“What was most impressive for me, coaching for as long as I have, when you get a punt block, it has a tendency to really affect your football team,” Kelly said. “Our guys never flinched. It was as if nothing ever occurred other than let’s get back out on the field and get back to work.”

After Notre Dame scored quickly in response, partly thanks to a 35-yard vertical run from Adams immediately followed by a 25-yard touchdown on a middle slant of sorts to Smythe, North Carolina State again seized control, authoring a seven-play, 71-yard touchdown drive of its own.

Again, the Irish didn’t much care.

“In past years, I think we’ve had to group up as an offense and talk about, guys, we need this one,” Smythe said. “… This team hasn’t flinched in scenarios like that. We didn’t have to talk about it at all, really.

“It almost is business as usual regardless of the situation, whether they just scored touchdown or we just scored three straight. We’ll take care of our business.”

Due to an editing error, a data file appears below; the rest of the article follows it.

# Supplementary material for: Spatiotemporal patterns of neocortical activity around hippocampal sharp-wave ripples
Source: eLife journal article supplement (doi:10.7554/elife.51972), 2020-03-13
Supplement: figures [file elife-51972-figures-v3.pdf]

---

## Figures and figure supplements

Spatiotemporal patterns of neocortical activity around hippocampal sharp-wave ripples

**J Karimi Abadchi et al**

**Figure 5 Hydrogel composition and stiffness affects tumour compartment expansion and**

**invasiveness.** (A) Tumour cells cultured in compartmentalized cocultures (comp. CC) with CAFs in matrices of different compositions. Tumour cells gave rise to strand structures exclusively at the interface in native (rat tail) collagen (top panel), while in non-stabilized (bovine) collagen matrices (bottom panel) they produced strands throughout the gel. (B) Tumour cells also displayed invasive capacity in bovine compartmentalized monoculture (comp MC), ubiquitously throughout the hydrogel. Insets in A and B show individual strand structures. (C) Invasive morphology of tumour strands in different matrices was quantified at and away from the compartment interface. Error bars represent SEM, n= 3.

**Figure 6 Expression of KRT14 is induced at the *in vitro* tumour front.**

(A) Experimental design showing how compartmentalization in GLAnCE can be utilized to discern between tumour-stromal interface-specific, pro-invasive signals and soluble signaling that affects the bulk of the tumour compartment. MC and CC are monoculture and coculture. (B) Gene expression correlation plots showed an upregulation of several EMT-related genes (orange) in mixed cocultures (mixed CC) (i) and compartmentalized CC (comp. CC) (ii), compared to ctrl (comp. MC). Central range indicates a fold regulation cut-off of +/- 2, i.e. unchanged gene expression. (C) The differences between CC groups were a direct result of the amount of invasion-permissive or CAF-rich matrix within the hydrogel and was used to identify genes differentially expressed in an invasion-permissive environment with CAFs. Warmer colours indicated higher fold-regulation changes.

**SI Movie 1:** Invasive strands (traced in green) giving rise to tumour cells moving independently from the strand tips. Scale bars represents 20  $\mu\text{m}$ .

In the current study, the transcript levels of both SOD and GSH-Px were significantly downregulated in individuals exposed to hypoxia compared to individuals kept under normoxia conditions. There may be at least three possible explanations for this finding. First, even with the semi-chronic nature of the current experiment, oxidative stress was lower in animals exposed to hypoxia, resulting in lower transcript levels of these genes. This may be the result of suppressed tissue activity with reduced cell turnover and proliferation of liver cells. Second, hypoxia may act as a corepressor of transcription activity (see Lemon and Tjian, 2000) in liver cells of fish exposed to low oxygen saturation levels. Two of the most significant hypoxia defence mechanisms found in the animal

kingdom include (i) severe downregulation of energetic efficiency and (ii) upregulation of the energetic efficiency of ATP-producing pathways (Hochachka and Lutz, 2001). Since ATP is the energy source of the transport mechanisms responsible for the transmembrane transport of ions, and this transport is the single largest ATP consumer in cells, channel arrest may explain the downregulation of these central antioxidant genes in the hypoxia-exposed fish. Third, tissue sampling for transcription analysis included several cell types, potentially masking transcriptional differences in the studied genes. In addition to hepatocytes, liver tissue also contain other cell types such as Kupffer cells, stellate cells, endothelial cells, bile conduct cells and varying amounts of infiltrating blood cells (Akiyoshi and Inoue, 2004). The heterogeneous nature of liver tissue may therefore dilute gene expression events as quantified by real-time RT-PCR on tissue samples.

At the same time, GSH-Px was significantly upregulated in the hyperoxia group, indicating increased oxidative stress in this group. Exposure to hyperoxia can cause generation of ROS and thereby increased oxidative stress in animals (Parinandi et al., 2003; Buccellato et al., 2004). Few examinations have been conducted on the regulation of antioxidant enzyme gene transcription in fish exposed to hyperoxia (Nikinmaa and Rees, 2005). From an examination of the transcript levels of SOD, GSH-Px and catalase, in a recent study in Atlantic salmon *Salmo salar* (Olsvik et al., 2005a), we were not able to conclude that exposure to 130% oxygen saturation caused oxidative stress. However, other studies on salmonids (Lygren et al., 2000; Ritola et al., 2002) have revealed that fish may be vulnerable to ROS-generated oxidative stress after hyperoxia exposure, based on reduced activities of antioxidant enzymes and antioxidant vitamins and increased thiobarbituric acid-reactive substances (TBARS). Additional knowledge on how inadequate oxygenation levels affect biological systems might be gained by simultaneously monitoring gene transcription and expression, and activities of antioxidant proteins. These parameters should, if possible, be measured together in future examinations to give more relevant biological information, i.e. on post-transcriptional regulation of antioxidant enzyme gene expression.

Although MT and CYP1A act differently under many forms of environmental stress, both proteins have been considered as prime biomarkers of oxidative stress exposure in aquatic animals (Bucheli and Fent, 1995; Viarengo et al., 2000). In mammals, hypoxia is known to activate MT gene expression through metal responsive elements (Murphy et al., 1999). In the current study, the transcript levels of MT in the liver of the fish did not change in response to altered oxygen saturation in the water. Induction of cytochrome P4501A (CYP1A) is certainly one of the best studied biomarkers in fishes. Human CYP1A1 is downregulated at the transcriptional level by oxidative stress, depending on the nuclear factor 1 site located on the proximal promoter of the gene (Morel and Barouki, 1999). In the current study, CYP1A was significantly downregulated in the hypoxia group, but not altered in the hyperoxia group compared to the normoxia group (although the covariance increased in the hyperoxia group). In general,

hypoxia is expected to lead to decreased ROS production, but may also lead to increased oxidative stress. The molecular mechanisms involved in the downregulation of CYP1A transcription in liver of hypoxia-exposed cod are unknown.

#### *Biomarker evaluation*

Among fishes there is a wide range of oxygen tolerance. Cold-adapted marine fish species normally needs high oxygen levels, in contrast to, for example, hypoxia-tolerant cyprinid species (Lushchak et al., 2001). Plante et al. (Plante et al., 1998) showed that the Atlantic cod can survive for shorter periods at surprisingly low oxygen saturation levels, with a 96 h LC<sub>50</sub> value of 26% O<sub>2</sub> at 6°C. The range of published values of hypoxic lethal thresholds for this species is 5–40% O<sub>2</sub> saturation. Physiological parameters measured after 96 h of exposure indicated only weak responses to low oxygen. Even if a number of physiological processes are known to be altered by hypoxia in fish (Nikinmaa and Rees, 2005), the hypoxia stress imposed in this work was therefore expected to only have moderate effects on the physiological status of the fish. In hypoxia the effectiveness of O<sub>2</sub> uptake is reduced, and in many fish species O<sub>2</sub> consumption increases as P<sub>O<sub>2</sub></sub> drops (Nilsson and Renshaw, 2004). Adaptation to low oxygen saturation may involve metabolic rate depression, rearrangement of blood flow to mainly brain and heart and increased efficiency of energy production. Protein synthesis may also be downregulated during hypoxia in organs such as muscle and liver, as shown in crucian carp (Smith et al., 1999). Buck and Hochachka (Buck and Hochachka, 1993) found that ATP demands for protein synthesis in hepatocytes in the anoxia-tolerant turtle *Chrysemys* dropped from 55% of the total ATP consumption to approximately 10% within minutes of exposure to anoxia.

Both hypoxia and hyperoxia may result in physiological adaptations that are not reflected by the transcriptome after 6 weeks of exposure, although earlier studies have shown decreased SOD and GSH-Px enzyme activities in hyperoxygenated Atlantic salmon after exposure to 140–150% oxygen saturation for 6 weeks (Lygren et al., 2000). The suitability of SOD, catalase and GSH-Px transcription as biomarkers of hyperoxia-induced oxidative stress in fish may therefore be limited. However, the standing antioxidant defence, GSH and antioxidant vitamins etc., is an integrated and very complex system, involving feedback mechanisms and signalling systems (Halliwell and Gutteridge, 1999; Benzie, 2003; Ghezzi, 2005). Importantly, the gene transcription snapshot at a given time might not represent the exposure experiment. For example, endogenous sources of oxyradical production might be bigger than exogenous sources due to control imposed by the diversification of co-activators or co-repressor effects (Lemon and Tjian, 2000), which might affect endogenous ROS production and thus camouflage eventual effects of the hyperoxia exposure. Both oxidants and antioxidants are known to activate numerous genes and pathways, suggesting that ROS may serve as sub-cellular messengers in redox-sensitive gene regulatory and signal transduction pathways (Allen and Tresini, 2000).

It may yet be awhile before Notre Dame needs to respond to such adversity again, but it showed it has both the mental capacity and the physical talent to do so.

Irish junior quarterback Brandon Wimbush has begun to show the confidence to rely on his arm at the expense of his legs, while the latter remain a valid weapon for opposing defense’s to fear. (AP Photo/Darron Cummings)

Part of that mental capacity showed itself in the physical realization of Wimbush’s passing progressions, literally and figuratively.
Wimbush still completed only 10 of 19 attempts for a total of 104 passing yards and two touchdowns. Even adding in two drawn pass interference penalties, his stat line of 12-for-21 for 134 yards would remain lacking. Yet, his viability as a dangerous passer took another step forward Saturday.